WE'VE MOVED! IsraPundit has relocated to Click here to go there now.
News and views on Israel, Zionism and the war on terrorism.

February 24, 2003

Arab Nazism: Then and Now

This Front Page article reminds us that the past is but a prelude to the present and should not be forgotten.
Many contemporary Muslim rulers have troubling ties with National Socialism, an ideology known for its dangerous and fanatical extremes. While mainstream Muslims have tended to distance themselves from their extremist counterparts, fanaticism threatens to push the entire Muslim world into the arms of its Fascist fringe. This situation begs examination of both present day and historical intersections between Muslim ideologies and the virulent components of National Socialist extremism: racism, anti-Semitism, death, and destiny.

National Socialism and the Baath Party

Saddam Hussein embraces the Baath Party -- formally the Baath Arab Socialist Party -- a nationalist movement especially prominent in Syria and Iraq, borne of the Arab world's perceived need to "produce a means of reasserting the Arab spirit in the face of foreign domination," claims Al-Baath, the daily party newspaper. "Articulated as the principle of Arab nationalism, the Baath movement was one of several political groups that drew legitimacy from an essentially reactive ideology."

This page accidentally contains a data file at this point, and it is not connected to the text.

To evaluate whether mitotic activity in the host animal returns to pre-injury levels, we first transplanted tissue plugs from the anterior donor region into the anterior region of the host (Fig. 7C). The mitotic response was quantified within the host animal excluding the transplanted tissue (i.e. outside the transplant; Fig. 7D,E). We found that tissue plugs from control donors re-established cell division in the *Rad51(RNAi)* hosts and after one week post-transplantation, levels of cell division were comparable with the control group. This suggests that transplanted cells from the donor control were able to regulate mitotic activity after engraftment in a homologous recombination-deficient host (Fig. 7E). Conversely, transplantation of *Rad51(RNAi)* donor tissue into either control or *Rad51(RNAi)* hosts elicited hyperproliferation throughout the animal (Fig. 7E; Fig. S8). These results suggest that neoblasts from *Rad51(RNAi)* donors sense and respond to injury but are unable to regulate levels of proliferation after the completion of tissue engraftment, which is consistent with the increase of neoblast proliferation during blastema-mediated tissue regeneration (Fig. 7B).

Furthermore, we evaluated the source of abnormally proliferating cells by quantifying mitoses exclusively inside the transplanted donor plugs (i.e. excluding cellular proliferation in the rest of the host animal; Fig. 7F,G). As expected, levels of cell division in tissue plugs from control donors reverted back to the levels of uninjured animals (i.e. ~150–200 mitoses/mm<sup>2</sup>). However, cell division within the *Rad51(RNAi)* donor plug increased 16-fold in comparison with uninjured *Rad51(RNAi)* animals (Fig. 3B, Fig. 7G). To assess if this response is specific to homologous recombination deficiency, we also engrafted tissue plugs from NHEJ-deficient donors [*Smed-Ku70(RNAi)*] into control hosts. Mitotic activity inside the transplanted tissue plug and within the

Similar reactionary principles guided Adolf Hitler's vision of a people united in the face of foreign (particularly Western) dominance after Germany's crushing defeat during World War I. The motives of both parties seem frighteningly interchangeable, as this passage from Al-Baath, with editorial insertions, illustrates:

"Moral and cultural deterioration, it was felt, had so weakened the Arabs [Germans] that Western supremacy had spread throughout the Middle East [Germany]. Arabs [Germans] needed a regeneration of the common heritage of people in the region to drive off debilitating external influences." Similarities between German and Arab nationalist extremes are not lost on political analysts.

"The Baathists," writes National Review editor Jonah Goldberg "see the destiny of Arabs in very similar terms as the Nazis understood the destiny of Aryans."

The Nazi party and the Baath party express concepts of destiny with a common theme: the superiority of their respective racial demographic over others, particularly Jews, a circumstance that invites comparisons between Saddam Hussein, a notorious Baathist, and Adolf Hitler, a notorious Nazi.